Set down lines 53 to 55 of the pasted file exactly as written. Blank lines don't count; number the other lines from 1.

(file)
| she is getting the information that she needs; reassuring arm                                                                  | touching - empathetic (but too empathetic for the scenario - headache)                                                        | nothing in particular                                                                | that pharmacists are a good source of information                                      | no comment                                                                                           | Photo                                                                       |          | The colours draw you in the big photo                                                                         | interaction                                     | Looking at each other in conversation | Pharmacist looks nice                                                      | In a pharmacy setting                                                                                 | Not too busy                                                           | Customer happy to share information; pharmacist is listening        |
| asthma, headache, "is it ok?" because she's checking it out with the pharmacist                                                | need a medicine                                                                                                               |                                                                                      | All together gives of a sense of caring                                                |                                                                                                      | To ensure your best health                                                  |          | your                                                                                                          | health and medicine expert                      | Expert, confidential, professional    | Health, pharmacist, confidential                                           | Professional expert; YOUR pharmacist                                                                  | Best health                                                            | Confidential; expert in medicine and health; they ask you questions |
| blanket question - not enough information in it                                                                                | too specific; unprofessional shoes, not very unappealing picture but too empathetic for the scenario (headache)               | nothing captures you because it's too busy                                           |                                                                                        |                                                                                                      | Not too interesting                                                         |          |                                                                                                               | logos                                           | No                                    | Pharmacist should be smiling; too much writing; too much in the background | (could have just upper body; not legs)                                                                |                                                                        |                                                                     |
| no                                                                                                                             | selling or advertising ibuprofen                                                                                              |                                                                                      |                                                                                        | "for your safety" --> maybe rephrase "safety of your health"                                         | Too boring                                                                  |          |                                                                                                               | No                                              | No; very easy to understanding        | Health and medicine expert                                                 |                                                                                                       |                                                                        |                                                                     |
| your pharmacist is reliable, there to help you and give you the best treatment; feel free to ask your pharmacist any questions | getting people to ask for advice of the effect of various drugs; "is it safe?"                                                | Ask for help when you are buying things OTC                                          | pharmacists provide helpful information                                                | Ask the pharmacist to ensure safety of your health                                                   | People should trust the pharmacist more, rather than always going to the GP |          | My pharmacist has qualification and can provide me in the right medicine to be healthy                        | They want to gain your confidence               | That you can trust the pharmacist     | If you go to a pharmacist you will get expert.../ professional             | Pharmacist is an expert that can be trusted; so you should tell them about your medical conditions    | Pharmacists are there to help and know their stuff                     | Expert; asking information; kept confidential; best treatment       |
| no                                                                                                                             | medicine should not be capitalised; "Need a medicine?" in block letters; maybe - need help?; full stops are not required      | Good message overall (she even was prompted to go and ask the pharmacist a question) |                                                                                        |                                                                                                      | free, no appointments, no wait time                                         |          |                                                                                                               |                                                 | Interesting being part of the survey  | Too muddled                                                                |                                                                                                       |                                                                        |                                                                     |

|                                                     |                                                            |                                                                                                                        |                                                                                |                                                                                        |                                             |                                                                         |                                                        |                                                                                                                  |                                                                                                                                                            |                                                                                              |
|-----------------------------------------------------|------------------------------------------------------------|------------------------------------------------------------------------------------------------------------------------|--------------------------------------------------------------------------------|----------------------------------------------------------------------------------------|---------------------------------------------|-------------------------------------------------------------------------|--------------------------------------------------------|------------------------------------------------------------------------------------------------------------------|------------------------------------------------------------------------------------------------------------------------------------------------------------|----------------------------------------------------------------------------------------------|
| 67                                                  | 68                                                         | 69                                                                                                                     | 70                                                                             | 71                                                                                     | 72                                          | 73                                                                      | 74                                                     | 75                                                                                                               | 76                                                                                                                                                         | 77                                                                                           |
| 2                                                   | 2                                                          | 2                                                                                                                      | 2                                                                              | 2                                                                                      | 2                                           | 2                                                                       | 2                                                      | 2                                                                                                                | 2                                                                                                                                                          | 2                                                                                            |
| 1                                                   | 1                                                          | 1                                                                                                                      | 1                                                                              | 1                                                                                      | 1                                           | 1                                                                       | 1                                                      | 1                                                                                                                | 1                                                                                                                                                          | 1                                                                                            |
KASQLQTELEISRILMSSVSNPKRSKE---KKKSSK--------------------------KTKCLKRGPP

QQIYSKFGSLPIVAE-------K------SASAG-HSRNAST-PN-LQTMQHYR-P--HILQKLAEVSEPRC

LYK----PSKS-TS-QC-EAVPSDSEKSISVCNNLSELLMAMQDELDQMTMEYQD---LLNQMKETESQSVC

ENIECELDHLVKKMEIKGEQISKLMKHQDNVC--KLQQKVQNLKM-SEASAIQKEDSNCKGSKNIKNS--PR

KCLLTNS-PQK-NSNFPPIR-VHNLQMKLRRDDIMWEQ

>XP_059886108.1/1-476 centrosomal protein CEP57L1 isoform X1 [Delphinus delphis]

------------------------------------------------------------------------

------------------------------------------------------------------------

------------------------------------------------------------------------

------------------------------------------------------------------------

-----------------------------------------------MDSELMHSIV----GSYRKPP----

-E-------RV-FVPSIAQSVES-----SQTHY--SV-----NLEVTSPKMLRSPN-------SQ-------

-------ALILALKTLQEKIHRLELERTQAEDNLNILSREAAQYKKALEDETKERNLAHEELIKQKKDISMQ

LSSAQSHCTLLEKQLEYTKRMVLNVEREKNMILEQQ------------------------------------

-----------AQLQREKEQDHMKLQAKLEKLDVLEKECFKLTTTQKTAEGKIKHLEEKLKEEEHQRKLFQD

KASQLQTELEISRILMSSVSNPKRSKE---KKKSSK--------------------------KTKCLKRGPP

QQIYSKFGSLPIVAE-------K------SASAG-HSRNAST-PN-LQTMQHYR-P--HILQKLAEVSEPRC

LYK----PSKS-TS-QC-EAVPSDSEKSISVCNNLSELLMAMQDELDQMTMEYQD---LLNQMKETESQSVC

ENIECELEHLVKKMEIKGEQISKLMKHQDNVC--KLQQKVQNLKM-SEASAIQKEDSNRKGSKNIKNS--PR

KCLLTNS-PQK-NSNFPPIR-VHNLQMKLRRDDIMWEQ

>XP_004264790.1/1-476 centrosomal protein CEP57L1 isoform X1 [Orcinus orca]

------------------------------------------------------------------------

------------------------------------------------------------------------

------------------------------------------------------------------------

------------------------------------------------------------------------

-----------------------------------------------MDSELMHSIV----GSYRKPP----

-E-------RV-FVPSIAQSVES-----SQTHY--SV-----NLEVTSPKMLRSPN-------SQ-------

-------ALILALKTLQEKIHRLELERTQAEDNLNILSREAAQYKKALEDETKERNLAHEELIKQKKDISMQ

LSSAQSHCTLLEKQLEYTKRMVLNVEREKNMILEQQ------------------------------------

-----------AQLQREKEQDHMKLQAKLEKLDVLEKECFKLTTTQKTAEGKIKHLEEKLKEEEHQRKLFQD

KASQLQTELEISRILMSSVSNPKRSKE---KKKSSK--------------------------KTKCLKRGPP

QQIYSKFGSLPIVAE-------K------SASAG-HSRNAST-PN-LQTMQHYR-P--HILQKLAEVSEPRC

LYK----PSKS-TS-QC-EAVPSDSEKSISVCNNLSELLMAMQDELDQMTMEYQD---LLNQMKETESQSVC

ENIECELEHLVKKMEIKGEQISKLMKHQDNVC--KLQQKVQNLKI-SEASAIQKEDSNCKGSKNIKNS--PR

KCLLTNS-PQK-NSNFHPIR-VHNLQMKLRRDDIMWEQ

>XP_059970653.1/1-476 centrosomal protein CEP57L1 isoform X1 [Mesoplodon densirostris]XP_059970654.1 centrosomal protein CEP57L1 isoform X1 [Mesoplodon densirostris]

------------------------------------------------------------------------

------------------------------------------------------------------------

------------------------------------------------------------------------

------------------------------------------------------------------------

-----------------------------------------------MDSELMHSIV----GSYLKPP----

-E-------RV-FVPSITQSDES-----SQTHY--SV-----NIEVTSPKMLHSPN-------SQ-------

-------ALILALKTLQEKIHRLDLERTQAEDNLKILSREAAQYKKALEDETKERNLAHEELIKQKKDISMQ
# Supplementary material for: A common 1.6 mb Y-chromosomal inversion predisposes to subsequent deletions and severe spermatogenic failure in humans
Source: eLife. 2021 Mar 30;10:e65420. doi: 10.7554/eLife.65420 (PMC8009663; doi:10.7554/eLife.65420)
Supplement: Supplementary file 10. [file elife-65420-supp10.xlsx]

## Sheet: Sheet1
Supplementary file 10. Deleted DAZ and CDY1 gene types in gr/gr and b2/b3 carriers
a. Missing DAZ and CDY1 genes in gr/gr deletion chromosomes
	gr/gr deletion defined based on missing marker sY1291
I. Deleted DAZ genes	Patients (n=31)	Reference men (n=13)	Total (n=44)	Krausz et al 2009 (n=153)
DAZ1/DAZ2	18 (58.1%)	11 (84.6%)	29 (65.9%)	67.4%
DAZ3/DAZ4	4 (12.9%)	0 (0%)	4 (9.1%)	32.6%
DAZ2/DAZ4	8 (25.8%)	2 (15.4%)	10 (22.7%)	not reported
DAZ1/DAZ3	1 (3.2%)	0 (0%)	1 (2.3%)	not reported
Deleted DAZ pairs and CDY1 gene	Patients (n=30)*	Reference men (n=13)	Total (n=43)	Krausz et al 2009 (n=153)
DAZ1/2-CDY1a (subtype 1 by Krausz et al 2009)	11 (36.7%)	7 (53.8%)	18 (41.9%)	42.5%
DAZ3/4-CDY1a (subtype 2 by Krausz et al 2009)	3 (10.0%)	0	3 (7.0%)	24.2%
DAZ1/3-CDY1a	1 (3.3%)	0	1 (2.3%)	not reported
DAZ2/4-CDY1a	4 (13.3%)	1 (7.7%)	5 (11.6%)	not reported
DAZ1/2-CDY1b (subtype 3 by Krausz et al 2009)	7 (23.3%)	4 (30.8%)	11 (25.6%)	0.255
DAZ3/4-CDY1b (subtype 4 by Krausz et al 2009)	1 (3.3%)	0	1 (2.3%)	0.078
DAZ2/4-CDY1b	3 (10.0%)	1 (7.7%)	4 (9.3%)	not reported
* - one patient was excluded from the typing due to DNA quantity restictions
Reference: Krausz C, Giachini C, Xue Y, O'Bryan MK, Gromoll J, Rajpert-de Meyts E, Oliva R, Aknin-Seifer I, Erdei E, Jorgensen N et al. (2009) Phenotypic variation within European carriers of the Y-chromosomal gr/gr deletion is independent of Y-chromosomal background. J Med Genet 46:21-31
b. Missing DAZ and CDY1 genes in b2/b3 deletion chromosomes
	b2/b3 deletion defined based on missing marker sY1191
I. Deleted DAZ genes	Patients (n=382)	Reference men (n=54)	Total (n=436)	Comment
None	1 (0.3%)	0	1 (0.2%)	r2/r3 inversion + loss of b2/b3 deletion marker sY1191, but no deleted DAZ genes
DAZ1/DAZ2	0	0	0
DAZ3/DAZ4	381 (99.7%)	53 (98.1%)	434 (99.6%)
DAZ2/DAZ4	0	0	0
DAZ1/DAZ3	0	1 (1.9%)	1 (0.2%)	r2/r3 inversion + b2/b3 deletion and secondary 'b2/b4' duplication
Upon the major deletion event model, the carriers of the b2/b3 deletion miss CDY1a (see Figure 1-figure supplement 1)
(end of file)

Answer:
-E-------RV-FVPSITQSDES-----SQTHY--SV-----NIEVTSPKMLHSPN-------SQ-------

-------ALILALKTLQEKIHRLDLERTQAEDNLKILSREAAQYKKALEDETKERNLAHEELIKQKKDISMQ
# Supplementary material for: A common 1.6 mb Y-chromosomal inversion predisposes to subsequent deletions and severe spermatogenic failure in humans